A year after we’d started CodeNext, they hired a California consultant, Zucker Systems, to look at those issues. They came up with a 700 page indictment of the city staff. It’s taken the mask off of what the agenda was. But the city staff hasn’t embraced it. They’re trying to say, maybe the consultant didn’t have all the facts, but the fact of the matter is they don’t want to acknowledge that most of the claims by the development community about time and money for getting things permitted was really managerial in nature. It hid the real agenda of getting rid of the neighborhood protection parts of the code.

I think the Zucker report scared the city management. One of the things that’s happening in the CodeNext process is a shakeup in our staff. For the last two years we’ve dealt with staff members who basically pushed the new urbanist creed. We hired a new assistant director for planning and he has a little bit different perspective. He says that the new code should be based on the DNA of your neighborhood.

The CodeNext Process

Back in November I proposed a resolution that clarified that the CAG supported being able to replicate your neighborhood plan with a new code. The pushback was amazing. The staff said, this is all bad, and I said, wait a second, in Imagine Austin it says we’re going to be able to do this. Staff said, respect, it’s not the same thing as replicate. If you don’t think that “replicate” means what you want, what does “respect” mean? We can’t get answers.

CodeNext went through a couple things. One of the important ones is the community character analysis. But they didn’t take it very far. They didn’t show you what percentage of your lots was in different classifications. But they did give you a bunch of pictures showing this house or this little corner grocery store that you like, and they’re going to use that to justify future changes in the code that affect your neighborhood. Oh, you like that picture of that house with the big tree and the nice Victorian roof? By the way, it had a granny flat in the back, so you automatically like granny flats, don’t you? It’s called a visual preferencing survey and it’s very manipulative. Another part of the Rubik’s Cube.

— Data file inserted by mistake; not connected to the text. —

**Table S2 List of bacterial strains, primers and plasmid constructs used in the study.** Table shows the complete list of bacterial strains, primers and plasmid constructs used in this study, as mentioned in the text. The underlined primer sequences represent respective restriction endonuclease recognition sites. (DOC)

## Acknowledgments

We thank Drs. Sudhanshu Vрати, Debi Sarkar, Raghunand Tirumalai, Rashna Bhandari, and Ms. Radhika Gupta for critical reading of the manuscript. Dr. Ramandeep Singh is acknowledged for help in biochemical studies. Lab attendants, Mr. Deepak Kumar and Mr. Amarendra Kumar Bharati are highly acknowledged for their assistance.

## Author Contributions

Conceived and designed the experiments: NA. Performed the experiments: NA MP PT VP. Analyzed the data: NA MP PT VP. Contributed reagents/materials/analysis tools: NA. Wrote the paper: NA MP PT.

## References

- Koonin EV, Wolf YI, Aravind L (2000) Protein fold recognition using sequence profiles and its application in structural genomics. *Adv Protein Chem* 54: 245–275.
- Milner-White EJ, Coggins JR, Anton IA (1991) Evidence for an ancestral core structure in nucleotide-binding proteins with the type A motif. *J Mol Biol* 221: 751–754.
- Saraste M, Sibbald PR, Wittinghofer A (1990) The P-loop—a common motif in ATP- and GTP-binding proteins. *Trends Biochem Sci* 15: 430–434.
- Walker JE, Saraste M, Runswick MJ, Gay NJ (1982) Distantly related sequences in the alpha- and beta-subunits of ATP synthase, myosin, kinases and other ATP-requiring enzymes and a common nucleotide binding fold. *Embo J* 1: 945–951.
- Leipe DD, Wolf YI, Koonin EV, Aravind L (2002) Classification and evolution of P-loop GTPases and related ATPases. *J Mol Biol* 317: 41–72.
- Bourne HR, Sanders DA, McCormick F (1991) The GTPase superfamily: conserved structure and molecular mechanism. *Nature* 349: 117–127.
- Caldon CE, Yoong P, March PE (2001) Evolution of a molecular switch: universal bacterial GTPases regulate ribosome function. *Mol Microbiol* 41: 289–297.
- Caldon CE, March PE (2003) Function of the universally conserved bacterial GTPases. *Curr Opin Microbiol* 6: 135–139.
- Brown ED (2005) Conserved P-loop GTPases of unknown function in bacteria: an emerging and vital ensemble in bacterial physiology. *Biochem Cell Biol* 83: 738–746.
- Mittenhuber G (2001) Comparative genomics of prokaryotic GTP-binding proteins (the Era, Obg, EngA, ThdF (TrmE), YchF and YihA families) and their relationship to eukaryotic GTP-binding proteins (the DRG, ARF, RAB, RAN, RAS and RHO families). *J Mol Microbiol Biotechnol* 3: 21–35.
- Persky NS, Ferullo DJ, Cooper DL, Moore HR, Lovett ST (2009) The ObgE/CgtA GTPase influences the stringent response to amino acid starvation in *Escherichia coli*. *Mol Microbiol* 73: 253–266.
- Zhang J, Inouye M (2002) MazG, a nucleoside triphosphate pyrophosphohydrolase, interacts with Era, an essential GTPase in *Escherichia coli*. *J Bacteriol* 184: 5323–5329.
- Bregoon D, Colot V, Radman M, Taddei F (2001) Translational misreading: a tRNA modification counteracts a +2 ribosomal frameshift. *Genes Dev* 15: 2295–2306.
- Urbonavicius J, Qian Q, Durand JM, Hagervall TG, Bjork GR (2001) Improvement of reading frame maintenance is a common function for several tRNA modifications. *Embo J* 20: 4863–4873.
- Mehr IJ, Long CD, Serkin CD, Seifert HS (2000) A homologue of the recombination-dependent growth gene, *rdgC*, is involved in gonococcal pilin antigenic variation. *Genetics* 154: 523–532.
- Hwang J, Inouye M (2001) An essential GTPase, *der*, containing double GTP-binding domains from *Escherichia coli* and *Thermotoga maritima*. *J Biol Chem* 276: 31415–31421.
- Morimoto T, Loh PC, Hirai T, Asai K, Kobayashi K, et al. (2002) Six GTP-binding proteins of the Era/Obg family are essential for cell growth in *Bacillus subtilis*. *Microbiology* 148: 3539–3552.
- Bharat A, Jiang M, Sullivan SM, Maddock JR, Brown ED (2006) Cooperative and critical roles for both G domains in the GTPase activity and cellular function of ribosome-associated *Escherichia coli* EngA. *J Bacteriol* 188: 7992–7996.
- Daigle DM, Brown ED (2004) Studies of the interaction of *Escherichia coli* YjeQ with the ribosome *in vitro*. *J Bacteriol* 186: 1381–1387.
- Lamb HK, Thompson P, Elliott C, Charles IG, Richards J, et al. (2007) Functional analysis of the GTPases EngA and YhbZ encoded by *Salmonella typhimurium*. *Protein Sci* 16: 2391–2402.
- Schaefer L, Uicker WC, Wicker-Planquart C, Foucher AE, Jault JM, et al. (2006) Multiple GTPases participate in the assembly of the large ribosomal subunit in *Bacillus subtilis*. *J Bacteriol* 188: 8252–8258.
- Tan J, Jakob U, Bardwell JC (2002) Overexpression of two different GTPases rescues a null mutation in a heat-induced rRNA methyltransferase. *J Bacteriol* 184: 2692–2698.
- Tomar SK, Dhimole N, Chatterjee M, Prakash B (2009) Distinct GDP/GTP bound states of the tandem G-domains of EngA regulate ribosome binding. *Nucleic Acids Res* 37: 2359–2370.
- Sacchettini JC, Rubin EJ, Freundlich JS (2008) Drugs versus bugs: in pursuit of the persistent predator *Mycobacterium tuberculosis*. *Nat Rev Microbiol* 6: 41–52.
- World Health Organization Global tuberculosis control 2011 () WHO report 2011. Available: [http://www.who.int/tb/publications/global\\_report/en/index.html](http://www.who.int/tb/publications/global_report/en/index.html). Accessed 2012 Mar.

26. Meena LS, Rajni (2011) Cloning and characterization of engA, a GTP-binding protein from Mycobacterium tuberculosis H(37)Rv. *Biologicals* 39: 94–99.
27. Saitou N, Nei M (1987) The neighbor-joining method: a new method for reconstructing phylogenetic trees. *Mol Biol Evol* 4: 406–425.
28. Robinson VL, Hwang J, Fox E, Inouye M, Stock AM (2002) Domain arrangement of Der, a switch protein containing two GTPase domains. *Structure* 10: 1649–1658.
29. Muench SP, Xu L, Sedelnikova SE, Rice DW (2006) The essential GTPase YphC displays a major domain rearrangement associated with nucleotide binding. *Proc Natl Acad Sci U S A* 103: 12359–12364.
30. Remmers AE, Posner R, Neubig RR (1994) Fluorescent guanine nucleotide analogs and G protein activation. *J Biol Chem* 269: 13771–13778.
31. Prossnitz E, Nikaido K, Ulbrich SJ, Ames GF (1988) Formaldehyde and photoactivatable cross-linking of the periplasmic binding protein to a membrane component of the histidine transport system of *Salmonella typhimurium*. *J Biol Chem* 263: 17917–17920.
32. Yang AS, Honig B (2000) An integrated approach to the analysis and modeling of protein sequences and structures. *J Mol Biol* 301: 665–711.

One of the big disappointments is that they didn’t do anything really data-drive. This is Zilker (pointing to a map). Those color-coded districts are each different service areas for sewers. And this yellow area right here? The load is 1320 LUEs, living unit equivalents. The capacity is 1340. So if we were to put density in that area, somebody’s going to have to pay to increase that sewer capacity, from there practically all the way to Govalle. When asked about this in the Imagine Austin process, city staff said, we’ll deal with the cost of infrastructure later. It’s called a bond election.